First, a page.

One of the science fiction stories that struck me the most about fifteen or twenty years ago (I don't remember the title, only that the author was Spanish) proposed that, by exploring the universe with a very fast spacecraft, capable of reaching the confines of the galaxy, we discovered that all the extraterrestrial species we encountered they were exactly like us. A kind of nightmare of mirrors in which all our desires are frustrated to find something different out there. An approach similar to that developed by the movie Another Earth, although with less science and more fantasy.
This idea does not seem so extravagant in light of a no less extravagant hypothesis posed by Japanese physicists from the University of Kyoto in a study that was published in the year in the Journal of Cosmology.
His approach is that panspermia, that is, that life arrived on Earth aboard meteorites or comets, has also occurred backwards. For example, by colliding the ten kilometer diameter asteroid that allegedly ended the dinosaurs, such an amount of material from Earth could be ejected into outer space that other places of terrestrial life could have been sown. As he explains Pierre Barthelemy in his book Chronicles of improbable science:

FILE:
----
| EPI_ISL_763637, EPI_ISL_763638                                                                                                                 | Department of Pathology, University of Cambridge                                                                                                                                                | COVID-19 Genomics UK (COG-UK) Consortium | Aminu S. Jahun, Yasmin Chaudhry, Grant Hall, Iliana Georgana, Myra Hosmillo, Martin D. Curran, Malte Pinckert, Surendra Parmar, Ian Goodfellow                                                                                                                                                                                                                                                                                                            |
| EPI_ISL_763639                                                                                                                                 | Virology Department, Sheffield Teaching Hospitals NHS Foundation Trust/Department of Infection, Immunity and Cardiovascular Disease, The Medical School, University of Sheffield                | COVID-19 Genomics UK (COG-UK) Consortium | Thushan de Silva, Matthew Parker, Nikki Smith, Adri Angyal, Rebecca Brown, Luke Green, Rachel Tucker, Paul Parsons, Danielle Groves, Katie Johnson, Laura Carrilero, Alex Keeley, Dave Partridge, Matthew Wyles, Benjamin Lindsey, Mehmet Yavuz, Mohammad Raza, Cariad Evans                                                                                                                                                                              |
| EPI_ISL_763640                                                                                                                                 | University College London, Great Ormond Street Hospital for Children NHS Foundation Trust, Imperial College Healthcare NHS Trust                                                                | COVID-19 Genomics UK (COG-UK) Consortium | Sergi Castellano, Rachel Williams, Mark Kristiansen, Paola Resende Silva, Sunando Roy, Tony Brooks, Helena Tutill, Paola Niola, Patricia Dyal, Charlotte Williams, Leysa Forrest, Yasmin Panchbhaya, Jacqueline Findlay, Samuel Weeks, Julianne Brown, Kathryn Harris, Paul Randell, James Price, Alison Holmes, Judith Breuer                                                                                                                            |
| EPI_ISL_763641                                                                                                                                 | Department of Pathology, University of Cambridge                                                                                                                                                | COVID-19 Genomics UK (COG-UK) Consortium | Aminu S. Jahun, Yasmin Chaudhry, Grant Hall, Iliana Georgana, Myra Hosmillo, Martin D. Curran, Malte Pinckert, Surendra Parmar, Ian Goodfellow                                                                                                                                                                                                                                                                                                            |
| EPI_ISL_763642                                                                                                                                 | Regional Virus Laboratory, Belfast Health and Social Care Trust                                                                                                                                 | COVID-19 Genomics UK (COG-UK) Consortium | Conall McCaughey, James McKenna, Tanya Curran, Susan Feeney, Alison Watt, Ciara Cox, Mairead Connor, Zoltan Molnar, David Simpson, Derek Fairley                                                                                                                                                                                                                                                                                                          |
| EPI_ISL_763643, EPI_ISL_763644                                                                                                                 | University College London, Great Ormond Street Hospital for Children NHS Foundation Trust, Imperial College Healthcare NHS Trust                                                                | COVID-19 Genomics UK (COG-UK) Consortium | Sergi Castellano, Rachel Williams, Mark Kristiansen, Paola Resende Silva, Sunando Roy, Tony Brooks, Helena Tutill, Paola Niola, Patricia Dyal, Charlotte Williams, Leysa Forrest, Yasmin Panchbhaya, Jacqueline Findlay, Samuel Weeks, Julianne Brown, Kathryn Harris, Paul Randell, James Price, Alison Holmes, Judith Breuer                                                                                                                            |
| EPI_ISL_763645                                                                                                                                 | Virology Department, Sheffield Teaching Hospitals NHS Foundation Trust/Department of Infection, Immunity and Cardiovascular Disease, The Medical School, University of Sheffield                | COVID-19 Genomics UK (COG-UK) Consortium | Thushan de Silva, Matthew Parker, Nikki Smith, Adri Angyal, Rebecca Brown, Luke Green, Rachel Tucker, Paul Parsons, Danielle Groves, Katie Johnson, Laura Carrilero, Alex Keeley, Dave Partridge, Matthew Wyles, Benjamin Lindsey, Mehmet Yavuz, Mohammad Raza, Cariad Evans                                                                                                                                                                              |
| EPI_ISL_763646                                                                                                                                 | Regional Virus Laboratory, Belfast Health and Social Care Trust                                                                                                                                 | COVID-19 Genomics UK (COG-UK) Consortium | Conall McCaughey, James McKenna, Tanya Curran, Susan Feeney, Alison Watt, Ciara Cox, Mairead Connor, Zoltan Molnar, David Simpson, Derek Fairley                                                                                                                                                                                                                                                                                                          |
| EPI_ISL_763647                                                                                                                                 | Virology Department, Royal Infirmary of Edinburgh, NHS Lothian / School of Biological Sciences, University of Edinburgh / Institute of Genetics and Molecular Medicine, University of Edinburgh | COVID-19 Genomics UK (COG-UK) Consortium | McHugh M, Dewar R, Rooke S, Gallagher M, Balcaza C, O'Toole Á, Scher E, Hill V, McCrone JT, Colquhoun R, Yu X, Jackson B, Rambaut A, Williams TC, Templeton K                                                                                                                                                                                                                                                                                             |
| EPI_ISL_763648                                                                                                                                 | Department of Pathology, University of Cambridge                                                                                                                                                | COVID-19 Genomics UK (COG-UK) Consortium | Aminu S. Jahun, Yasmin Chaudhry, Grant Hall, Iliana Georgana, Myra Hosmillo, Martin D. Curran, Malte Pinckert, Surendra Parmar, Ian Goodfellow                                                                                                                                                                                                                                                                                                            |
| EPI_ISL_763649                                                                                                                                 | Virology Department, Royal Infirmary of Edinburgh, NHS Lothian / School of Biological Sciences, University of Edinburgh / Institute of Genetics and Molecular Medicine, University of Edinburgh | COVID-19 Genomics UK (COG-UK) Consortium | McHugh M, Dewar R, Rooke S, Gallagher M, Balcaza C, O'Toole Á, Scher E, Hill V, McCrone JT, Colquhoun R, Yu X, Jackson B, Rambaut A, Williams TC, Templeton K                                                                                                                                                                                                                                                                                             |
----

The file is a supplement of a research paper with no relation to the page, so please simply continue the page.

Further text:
Not all the models contemplated have the same degree of optimism, but they all say that the Moon was copiously watered: despite its modest diameter, several hundreds of millions of small rubble fell on it, even several billion, given its proximity . Mars is not far behind and it is likely, if we believe the figures in this study, that if one day a bacterium is discovered on the red planet, it is an emigrated terrestrial microbe. Similarly, Europe, the Jupiter satellite that is believed to be home to an underground ocean, must have received a visit from our house.
The Japanese researchers even propose that there is a small chance that Earth's life will reach the star's solar system Gliese 581, around which a couple of planets likely to be habitable orbit.
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